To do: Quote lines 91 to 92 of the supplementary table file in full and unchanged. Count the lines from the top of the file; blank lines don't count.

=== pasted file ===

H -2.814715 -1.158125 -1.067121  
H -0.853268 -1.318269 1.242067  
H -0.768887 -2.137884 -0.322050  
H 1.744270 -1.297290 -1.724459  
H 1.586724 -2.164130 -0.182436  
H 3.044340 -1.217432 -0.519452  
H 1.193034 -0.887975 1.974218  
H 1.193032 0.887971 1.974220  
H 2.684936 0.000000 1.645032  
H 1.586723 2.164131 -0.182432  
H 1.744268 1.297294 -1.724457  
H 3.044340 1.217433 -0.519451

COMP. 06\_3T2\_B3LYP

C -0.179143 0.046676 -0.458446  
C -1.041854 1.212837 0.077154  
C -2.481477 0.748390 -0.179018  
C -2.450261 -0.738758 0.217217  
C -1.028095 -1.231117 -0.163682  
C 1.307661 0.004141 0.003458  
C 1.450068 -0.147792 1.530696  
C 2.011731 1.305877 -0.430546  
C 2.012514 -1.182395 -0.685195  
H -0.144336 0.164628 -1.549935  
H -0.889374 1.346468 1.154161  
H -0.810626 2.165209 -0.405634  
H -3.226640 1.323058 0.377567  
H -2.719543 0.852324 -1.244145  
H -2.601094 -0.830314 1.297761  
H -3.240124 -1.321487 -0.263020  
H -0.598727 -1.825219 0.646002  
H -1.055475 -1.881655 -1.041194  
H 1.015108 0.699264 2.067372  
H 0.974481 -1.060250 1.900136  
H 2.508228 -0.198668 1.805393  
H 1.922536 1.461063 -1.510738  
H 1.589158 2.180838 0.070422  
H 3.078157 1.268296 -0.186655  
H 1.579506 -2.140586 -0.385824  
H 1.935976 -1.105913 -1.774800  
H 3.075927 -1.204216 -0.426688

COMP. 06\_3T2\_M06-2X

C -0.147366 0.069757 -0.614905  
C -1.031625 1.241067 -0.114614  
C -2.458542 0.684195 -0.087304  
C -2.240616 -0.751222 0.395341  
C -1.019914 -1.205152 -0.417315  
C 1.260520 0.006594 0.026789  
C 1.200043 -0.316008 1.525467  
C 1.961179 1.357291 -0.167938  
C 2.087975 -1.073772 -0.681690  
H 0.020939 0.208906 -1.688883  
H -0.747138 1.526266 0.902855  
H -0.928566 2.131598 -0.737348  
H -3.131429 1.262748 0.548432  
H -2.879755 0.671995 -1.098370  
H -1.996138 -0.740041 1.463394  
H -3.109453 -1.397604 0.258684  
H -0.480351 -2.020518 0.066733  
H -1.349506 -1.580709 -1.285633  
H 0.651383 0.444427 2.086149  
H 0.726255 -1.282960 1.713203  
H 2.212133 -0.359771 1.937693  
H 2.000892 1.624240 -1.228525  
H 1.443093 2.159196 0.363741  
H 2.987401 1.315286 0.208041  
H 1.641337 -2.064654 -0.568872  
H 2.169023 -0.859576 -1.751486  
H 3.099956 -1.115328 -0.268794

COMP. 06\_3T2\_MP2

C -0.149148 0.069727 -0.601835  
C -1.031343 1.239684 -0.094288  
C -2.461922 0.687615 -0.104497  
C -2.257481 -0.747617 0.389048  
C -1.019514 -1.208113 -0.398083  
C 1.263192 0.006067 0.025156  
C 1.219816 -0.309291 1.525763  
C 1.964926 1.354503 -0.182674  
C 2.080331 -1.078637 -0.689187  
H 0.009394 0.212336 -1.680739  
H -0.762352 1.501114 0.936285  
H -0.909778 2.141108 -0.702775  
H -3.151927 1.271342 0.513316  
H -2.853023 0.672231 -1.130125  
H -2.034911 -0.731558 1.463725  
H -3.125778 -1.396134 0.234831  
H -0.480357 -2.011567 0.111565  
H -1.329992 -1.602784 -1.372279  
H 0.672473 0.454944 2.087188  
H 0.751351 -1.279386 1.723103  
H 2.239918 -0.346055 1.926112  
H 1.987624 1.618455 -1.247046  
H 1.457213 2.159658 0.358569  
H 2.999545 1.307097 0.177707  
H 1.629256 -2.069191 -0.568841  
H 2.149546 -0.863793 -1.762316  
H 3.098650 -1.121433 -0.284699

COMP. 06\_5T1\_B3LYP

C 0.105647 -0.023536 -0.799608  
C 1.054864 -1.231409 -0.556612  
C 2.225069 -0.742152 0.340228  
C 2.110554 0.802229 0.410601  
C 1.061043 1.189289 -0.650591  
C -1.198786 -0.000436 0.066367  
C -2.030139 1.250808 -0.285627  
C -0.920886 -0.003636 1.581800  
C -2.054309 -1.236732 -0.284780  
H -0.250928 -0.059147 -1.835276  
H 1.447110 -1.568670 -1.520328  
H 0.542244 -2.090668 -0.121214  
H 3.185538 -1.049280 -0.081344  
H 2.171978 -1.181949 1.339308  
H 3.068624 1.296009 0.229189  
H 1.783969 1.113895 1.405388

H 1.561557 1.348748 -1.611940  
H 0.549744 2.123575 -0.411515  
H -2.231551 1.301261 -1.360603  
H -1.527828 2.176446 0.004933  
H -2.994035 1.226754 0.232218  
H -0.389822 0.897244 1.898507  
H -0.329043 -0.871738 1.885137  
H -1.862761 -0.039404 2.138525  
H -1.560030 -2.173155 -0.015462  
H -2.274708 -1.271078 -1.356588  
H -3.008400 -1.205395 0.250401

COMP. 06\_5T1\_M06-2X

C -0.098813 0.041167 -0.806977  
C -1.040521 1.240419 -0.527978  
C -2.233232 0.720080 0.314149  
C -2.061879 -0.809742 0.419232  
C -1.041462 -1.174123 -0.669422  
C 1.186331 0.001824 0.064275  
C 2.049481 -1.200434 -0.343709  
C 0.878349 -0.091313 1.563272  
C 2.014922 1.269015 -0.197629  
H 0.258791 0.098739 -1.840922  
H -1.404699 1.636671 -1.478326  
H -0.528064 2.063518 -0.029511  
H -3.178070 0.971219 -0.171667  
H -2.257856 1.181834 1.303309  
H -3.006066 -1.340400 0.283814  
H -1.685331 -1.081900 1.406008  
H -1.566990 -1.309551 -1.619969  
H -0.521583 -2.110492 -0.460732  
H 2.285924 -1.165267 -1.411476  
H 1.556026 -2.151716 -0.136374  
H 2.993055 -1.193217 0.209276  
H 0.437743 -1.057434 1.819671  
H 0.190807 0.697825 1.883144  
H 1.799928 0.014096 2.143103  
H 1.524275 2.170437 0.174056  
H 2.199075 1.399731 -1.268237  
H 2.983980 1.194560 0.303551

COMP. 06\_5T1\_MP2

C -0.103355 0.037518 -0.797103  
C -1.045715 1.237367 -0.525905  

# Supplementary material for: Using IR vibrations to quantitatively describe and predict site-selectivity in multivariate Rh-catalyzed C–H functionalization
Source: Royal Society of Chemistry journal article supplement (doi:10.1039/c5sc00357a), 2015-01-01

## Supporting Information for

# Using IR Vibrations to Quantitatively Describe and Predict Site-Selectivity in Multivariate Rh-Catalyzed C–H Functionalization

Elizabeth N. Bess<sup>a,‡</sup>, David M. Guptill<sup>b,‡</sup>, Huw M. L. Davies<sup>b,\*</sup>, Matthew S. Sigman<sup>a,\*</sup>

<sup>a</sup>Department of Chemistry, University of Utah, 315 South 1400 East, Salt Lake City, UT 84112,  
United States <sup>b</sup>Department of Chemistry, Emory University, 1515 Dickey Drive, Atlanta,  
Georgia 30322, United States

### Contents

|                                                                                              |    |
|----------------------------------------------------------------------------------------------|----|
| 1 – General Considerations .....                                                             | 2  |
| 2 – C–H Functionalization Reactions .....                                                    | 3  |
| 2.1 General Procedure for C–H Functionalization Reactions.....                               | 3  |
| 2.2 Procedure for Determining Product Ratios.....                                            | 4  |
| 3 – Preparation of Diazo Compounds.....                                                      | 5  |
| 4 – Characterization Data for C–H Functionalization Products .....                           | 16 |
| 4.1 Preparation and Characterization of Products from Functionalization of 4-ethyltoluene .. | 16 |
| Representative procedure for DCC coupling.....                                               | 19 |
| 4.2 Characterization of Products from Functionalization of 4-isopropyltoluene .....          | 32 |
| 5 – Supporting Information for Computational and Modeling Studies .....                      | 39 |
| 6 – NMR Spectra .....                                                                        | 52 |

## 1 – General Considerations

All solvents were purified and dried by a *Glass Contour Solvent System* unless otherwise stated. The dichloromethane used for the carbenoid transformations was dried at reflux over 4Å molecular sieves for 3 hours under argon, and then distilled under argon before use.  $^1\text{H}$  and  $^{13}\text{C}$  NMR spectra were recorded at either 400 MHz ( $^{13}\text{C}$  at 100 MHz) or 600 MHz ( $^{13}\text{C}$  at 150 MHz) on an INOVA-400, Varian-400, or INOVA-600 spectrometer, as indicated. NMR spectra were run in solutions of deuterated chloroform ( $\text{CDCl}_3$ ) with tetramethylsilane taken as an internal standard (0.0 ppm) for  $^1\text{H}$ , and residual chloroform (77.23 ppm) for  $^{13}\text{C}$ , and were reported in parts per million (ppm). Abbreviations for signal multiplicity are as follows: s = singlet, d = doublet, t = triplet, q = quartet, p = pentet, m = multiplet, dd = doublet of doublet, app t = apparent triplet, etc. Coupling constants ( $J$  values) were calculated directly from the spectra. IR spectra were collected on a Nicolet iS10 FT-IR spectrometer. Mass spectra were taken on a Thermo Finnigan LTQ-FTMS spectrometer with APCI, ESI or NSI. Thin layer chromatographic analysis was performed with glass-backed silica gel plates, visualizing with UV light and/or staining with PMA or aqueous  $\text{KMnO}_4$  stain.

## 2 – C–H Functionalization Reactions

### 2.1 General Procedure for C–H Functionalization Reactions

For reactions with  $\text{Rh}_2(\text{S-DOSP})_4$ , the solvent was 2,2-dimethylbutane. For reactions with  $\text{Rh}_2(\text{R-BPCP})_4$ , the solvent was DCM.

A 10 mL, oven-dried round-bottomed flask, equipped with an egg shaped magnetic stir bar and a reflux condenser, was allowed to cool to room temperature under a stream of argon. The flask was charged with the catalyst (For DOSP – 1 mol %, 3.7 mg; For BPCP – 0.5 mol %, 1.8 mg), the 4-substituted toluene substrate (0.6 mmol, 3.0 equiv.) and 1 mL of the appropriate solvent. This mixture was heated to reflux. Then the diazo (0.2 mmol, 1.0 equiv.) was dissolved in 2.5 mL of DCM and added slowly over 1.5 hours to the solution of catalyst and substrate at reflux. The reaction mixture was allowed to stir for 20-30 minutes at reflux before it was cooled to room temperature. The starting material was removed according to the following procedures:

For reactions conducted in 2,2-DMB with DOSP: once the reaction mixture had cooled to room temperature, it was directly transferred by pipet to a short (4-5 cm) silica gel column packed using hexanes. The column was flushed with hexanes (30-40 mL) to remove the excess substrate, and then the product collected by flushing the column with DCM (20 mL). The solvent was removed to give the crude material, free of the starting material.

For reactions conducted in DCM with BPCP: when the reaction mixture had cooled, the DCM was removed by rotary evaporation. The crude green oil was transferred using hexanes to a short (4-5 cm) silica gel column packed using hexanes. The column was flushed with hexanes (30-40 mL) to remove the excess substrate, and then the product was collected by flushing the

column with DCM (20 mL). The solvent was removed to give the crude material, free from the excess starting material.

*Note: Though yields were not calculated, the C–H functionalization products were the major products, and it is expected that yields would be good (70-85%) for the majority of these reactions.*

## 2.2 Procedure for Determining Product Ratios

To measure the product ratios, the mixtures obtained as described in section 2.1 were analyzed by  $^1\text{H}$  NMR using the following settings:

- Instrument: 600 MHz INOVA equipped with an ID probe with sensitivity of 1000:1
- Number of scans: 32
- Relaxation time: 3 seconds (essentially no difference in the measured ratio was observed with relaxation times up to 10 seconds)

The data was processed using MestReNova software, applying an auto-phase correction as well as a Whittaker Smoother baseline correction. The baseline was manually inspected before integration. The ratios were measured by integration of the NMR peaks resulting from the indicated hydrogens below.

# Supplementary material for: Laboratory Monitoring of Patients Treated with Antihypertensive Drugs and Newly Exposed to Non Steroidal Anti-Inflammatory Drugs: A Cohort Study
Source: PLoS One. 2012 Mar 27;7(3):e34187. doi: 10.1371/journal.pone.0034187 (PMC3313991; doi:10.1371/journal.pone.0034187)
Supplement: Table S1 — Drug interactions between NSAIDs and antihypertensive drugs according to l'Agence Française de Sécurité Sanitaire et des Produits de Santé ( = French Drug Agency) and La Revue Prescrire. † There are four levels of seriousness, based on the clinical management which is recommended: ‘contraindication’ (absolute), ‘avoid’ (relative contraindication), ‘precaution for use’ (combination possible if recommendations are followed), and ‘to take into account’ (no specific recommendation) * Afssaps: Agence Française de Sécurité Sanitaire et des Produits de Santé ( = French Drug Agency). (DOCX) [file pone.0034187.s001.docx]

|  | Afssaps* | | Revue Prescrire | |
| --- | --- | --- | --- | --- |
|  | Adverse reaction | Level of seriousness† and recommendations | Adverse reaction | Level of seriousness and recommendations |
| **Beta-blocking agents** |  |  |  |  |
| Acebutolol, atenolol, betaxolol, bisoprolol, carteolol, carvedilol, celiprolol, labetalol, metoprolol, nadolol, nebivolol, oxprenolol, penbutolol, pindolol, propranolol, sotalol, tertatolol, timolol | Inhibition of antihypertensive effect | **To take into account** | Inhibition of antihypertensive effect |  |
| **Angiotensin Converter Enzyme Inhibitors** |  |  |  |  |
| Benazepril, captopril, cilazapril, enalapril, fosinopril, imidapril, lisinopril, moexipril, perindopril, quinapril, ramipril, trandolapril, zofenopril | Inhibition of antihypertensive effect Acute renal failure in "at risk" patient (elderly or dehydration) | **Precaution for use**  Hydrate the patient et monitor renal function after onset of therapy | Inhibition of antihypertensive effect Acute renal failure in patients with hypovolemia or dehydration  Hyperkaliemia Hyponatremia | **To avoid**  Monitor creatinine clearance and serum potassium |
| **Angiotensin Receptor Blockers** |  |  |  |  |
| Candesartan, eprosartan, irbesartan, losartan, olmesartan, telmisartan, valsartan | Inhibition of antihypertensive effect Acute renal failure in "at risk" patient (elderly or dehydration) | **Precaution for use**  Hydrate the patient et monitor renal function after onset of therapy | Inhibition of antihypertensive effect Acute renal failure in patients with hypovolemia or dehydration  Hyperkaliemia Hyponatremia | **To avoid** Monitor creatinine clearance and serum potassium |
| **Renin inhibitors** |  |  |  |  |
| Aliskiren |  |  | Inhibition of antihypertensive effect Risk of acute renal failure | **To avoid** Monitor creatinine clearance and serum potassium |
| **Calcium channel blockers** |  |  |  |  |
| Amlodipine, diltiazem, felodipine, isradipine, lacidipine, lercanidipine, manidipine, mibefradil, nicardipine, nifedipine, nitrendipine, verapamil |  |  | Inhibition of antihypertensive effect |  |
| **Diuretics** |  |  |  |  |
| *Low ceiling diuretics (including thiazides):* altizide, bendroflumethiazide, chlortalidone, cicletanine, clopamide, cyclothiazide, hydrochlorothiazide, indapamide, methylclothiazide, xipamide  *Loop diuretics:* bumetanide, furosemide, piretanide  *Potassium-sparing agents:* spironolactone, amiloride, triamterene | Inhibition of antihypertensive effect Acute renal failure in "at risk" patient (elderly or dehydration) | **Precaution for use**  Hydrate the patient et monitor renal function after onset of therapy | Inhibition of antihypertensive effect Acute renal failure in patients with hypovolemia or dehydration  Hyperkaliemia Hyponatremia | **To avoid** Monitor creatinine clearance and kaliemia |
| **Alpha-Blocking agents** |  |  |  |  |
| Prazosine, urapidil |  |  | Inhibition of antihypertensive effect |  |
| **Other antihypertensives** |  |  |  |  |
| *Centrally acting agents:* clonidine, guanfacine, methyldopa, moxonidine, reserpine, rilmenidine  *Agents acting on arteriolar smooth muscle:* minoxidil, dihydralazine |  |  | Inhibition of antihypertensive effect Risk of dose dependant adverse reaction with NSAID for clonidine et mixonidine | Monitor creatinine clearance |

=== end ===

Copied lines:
H 1.987624 1.618455 -1.247046  
H 1.457213 2.159658 0.358569  